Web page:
The head of the Shuvu Yisrael Institute, Rabbi Yoshiyahu Yosef Pinto, was crowned by representatives of the King of Morocco as the Chief Rabbi of the Muslim State. In a traditional ceremony held in the city of Rabat, the capital of Morocco, with the participation of representatives of the Jewish community, the rabbi was dressed in the traditional religious garb.
Over the past few years the rabbi has visited Morocco several times, delivering Shiurim and giving Chizuk to the Jewish community, as well as addressing Kashrus issues. Rabbi Pinto also met with members of the royal family, who were reportedly impressed with his rabbinical lineage.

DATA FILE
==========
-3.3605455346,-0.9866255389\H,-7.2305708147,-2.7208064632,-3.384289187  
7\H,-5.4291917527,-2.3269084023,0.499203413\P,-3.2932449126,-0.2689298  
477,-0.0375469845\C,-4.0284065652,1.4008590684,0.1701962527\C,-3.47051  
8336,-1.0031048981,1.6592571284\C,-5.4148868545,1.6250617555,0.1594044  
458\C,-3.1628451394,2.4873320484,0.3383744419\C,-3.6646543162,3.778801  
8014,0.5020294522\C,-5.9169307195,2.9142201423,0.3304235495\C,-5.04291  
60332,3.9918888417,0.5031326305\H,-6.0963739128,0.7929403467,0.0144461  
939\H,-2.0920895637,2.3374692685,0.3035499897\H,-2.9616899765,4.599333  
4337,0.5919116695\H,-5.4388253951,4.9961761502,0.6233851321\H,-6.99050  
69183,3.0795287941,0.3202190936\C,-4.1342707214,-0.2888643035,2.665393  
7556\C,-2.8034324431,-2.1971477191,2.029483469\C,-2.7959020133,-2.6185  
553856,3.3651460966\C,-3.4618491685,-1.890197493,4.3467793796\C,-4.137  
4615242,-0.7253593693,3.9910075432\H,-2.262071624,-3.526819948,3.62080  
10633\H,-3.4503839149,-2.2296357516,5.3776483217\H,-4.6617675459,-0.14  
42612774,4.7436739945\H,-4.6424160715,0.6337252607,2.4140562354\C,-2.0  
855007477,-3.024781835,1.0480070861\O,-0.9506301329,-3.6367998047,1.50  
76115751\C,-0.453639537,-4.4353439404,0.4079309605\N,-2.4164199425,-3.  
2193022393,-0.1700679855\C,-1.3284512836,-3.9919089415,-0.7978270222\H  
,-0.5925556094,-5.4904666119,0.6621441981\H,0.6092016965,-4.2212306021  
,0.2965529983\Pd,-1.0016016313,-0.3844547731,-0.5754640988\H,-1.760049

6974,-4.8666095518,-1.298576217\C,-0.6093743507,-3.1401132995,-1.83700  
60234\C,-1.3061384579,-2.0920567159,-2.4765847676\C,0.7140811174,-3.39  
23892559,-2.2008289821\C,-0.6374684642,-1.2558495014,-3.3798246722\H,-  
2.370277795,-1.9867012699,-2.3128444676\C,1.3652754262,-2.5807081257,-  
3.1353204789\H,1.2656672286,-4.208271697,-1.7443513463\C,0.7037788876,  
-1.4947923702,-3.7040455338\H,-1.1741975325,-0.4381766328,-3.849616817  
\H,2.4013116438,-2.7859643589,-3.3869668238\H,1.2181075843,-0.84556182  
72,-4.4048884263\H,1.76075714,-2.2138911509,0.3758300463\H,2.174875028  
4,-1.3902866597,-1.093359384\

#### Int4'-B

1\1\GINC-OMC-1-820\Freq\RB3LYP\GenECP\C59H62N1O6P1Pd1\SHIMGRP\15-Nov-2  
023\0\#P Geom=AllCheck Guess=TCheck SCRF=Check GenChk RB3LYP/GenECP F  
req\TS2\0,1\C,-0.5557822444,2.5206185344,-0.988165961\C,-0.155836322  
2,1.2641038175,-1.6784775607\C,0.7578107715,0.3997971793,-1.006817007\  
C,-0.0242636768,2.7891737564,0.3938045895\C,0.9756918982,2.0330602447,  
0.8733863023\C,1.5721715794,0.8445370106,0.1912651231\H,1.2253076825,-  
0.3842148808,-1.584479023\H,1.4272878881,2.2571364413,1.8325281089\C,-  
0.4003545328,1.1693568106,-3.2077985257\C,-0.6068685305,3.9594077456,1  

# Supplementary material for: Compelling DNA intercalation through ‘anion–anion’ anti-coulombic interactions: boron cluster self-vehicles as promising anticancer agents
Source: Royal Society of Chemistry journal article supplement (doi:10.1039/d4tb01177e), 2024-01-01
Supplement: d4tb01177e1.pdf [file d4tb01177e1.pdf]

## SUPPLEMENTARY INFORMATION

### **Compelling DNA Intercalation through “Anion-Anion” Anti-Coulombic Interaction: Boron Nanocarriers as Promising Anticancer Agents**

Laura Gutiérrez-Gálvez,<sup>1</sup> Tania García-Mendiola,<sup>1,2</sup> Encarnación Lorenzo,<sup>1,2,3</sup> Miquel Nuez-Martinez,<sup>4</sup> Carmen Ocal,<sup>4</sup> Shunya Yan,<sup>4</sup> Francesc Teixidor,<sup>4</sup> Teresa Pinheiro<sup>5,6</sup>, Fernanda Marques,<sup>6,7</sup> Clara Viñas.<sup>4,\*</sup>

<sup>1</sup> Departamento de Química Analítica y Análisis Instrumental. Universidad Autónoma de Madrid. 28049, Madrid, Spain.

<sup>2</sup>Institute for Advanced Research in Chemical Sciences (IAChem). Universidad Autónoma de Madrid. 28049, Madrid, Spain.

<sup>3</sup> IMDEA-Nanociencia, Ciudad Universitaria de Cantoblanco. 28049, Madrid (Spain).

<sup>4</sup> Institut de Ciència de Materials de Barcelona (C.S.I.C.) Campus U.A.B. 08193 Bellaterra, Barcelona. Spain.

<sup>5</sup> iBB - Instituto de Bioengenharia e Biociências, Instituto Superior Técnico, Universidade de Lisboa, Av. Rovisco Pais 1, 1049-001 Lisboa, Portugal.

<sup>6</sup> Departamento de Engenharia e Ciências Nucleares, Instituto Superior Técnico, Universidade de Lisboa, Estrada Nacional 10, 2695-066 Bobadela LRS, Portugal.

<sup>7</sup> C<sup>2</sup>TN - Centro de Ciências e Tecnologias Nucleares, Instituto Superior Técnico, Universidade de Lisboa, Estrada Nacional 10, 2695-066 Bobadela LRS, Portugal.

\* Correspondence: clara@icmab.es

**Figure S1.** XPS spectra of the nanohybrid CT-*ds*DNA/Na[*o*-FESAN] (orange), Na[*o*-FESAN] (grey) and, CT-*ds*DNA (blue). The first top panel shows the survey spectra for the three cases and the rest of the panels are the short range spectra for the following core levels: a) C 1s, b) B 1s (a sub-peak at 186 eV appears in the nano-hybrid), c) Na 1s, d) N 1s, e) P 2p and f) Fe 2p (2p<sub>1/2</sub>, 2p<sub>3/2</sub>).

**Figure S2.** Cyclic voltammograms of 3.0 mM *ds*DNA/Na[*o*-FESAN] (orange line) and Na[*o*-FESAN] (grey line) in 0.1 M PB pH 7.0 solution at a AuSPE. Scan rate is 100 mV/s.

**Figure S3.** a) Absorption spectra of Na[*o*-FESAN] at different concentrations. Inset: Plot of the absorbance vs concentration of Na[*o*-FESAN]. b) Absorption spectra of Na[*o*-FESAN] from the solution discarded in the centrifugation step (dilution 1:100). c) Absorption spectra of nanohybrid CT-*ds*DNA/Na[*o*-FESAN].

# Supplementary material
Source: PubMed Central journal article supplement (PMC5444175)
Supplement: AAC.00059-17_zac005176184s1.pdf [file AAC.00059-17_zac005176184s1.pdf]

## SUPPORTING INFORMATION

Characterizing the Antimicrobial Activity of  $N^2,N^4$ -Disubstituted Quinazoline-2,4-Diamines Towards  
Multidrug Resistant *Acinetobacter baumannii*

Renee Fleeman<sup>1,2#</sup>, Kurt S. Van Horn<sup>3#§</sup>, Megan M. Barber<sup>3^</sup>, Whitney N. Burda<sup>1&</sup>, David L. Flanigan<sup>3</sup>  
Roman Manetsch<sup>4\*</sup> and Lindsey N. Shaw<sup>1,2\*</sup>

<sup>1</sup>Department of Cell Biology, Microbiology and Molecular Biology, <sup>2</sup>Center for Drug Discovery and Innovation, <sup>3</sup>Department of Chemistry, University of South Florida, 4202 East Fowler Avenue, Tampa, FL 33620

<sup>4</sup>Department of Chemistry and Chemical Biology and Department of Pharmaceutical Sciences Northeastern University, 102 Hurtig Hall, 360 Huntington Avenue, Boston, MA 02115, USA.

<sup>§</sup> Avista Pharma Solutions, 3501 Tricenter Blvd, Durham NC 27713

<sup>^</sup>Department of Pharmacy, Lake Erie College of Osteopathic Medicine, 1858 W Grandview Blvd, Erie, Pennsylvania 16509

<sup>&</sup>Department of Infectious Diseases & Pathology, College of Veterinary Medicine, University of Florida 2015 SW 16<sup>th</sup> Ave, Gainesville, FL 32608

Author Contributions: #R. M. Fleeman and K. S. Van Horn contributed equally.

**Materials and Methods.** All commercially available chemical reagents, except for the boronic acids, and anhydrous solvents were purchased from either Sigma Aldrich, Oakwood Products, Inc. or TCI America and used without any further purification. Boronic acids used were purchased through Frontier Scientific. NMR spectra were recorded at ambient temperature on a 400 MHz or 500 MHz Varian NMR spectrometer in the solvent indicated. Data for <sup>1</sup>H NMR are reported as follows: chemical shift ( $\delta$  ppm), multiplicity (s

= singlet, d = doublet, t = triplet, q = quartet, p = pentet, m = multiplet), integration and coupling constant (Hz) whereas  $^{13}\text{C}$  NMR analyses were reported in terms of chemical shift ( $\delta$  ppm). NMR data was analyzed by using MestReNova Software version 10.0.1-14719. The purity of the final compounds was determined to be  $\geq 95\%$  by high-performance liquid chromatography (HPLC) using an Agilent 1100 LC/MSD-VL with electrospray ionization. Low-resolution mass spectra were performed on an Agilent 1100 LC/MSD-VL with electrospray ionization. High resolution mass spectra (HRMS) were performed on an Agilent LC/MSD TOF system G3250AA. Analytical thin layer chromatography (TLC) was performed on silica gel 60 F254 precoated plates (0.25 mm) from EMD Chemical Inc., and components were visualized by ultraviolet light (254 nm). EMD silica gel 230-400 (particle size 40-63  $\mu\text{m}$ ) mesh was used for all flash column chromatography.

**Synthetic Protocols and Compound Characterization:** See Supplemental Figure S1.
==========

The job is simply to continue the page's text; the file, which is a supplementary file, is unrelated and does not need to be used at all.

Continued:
Rabbi Pinto’s father, HaRav Chaim Pinto, serves as rav of Ashdod and Kiryat Malachi and has maintained a connection with the royal family in Morocco over the past decades.
Rabbi Pinto replaces the late HaGaon HaRav Aharon Monsonego ZT”L, who was niftar on 26 Menachem Av last year. Due to his wife’s illness, as well as his own, Rav Monsonego moved to Israel about a decade ago, leaving a void in Morocco.
In 1948, on the eve of the War of Independence, there were about 265,000 Jews living in Morocco, and it was the largest Jewish community in North Africa. Pogroms began that same year and there were various attacks on the Jews of Morocco, following which about 67,000 Jews left. From the establishment of the State of Israel in 1948 until 1967, more than 250,000 members of Moroccan Jewry emigrated to the State of Israel. Many others emigrated to France and North America. Today, only 2,500 Jews live in Morocco, most of them in Casablanca, a remnant of this large community.